The board presents many different chips. To understand their purpose we can search for their datasheet online. Usually they have an identifier written on them, but it can be hard to see to the naked eye. With the help of a digital microscope, which can be bought from a Chinese supplier for about 10-20 euros, we can easily take a picture of all the chips on the board.
Then we can try to identify every component by searching for information and for their datasheet with our favorite search engine (sometimes it is simple, sometimes it is harder; keep in mind that the model name could be only a portion of the string printed on the chip).
Most chips present on the board are not very interesting from a security point of view (regulators, transformers, …) while other can be juicy (microcontroller, memories, …). As an example, in our board we found the following components related to power supply, current and audio, that we will probably skip:
- MB6S: bridge rectifier, converts AC current into DC currents.
- FSD3783A: power supply IC.
- NS4150: audio amplifier.
- WTN6096-8S: voice chip.
- SS24: diode.
- AMS1117: voltage regulator.
- JZPR30: datasheet not found, but likely used to communicate with alarm sensors (see later).
The following two components, on the contrary, look very promising:
After searching these models online we found the chip information and their datasheets:
- HDSC HC32L130F8UA (datasheet in Chinese here, thank you Google translate!), 32-bit ARM Cortex M0+ microcontroller.
- tuya WB3S (datasheet here), low-power embedded WiFi and Bluetooth LE Dual protocol module. The reported datasheet is of a tuya module. Under the metal enclosure there is the microcontroller used by tuya for their module. Connecting directly to it could be better for some analysis, because only a subset of its PINs are reachable from the tuya module, but for the moment it is not necessary because we are interested only in its interfaces offered to other components of the board.
Beside the chips, there are some interesting set of pins (ports), that probably have been moved on the board for debugging purposes:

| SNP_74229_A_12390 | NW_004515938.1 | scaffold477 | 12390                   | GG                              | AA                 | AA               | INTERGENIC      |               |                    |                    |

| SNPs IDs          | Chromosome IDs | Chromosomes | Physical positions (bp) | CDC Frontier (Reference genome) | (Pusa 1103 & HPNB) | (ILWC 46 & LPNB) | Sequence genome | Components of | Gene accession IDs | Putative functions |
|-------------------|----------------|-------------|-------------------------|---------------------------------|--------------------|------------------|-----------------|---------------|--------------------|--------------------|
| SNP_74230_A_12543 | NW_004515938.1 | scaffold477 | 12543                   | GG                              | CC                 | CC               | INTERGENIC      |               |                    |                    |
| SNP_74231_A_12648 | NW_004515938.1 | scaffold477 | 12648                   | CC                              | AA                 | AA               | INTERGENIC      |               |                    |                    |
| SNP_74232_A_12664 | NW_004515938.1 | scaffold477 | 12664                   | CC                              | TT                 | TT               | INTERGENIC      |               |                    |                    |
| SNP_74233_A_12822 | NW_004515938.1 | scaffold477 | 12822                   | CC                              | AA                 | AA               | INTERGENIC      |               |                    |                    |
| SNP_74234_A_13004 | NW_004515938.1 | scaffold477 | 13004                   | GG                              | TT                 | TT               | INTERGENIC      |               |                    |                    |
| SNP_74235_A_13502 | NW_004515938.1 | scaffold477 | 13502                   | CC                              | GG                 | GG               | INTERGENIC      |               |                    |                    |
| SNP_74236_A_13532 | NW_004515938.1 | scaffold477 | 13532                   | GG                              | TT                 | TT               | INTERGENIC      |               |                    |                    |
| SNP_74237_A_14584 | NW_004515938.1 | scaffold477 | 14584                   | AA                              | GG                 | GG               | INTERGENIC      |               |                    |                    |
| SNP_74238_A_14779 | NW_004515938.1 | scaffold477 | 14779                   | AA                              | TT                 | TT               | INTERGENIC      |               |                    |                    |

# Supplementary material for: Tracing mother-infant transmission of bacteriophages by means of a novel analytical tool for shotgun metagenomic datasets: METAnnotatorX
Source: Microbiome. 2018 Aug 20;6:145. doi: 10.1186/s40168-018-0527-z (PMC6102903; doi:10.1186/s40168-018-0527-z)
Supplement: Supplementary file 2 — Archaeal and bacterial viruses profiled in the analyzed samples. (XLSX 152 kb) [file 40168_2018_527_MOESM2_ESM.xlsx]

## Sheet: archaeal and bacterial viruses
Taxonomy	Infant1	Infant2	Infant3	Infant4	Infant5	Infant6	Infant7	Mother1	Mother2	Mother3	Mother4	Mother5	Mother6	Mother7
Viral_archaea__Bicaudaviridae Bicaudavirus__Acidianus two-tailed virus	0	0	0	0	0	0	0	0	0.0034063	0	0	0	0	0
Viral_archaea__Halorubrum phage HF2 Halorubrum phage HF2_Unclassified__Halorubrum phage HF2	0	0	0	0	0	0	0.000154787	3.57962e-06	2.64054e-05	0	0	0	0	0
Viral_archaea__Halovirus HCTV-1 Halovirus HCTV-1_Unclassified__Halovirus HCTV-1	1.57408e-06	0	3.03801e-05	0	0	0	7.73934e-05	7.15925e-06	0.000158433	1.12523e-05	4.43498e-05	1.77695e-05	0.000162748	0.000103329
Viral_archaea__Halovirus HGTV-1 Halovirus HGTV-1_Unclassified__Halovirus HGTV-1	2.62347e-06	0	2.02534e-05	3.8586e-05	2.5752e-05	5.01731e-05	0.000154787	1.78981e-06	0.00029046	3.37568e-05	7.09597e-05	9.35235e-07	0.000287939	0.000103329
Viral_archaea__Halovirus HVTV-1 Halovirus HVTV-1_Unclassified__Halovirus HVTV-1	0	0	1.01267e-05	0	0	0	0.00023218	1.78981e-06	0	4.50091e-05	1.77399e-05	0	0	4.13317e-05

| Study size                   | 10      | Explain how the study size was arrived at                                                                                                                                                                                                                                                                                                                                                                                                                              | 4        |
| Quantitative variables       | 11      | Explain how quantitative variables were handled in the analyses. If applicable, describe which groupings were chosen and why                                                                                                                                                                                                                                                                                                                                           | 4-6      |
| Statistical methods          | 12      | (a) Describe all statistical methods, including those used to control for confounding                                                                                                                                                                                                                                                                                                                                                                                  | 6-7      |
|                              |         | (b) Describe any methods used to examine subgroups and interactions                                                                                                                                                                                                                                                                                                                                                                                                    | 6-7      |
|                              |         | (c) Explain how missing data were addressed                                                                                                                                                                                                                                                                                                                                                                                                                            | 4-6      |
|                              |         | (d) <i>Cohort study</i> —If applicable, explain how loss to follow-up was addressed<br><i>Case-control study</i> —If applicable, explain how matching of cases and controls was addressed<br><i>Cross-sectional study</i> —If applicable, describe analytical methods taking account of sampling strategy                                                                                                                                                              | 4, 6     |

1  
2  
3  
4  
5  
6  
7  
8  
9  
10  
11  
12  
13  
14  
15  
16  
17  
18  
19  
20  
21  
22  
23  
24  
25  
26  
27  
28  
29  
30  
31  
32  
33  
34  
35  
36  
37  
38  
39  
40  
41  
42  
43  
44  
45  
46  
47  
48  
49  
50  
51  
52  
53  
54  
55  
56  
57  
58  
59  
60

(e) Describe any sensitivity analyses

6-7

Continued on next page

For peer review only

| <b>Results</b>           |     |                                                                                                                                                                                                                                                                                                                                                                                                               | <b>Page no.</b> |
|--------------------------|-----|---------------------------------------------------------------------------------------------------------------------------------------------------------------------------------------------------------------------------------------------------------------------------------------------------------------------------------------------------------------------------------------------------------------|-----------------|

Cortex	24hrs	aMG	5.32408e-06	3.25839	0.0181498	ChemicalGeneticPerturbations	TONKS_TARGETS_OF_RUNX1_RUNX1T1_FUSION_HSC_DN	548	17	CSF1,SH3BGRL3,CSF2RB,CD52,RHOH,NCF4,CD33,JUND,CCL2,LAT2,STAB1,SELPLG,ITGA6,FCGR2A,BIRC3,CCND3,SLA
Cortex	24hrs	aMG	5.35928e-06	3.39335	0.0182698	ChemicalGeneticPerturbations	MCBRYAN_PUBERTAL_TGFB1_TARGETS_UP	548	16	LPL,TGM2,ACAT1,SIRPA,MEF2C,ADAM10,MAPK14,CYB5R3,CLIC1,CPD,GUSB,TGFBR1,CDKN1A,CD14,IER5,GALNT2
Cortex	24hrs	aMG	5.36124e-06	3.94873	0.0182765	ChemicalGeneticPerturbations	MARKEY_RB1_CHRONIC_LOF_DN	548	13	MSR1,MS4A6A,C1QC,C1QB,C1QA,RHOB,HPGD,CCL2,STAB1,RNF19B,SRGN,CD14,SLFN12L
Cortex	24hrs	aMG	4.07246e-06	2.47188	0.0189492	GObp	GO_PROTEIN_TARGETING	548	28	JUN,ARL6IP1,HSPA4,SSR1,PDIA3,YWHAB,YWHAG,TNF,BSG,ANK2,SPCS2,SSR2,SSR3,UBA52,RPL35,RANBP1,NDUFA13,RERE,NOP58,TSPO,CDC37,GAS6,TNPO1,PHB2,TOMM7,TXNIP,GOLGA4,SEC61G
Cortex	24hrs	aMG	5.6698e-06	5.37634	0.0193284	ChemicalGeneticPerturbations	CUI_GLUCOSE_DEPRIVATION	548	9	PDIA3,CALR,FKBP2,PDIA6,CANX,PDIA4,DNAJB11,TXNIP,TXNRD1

Finally we have an external antenna, probably used to communicate with the sensors and the remote controls:
Preliminary analysis with the device powered off
Before powering the device on, we can try to better understand how the most interesting chips we found are connected between them and with the ports, using the datasheets and a multimeter in continuity mode.
One approach can be to follow the tracks (the “lines” on the two sides of the PCB that connect all the PINs and components) but there are types of PCB (named multi-layer PCB) that have tracks that are not visible from the two sides of the board (and anyhow it requires good eyes and tons of patience…). A faster and more focused approach is to touch two points with a multimeter in continuity mode. If it beeps, they should be directly connected.
Let’s start with the port in the center of the board. Beside GND and voltage PINs (3.3 and 5), it has two PINs named CLK and DIO.
If we look at the datasheet of the HC32L130F8UA microcontroller, we can see two PINs with similar names:
So, we ca try to use our multimeter to check if CLK PIN on the PCB is connected to PA14/SWCLK and if DIO PIN is connected to PA13/SWDIO, which confirms our assumption (the highlighted point in the top-left corner of the datasheet is present also in the chip: its purpose is to understand the chip orientation):
Thanks to the datasheet, we know that these PINs are a SWD port (Serial Wire Debug). The SWD port is an ARM debugging port that uses the same protocol of the JTAG debugging interface with only two PINs. A debugging port (if enabled or if we can enable it, because it can be disabled) is very valuable because, among other great benefits of being able to debug the code, it can be used to dump the content of the flash memory. We will definitely try this operation later, when we will power on the device.
Secondly, let’s check if we can find a connection between the WiFi module and the ARM microcontroller. From the WiFi module datasheet we can see that the module has two UART ports, the second one according to the documentation is unavailable to customers:
Using the multimeter we can confirm that the two PINs of the first UART are connected to PA09 and PA10 PINs of the ARM microcontroller (from the documentation these PINs can use the UART protocol). The two PINs of the second UART port of the WiFi module do not seem to be connected to any PIN of the ARM microcontroller (confirming what is stated in the WiFi module datasheet about the second UART port).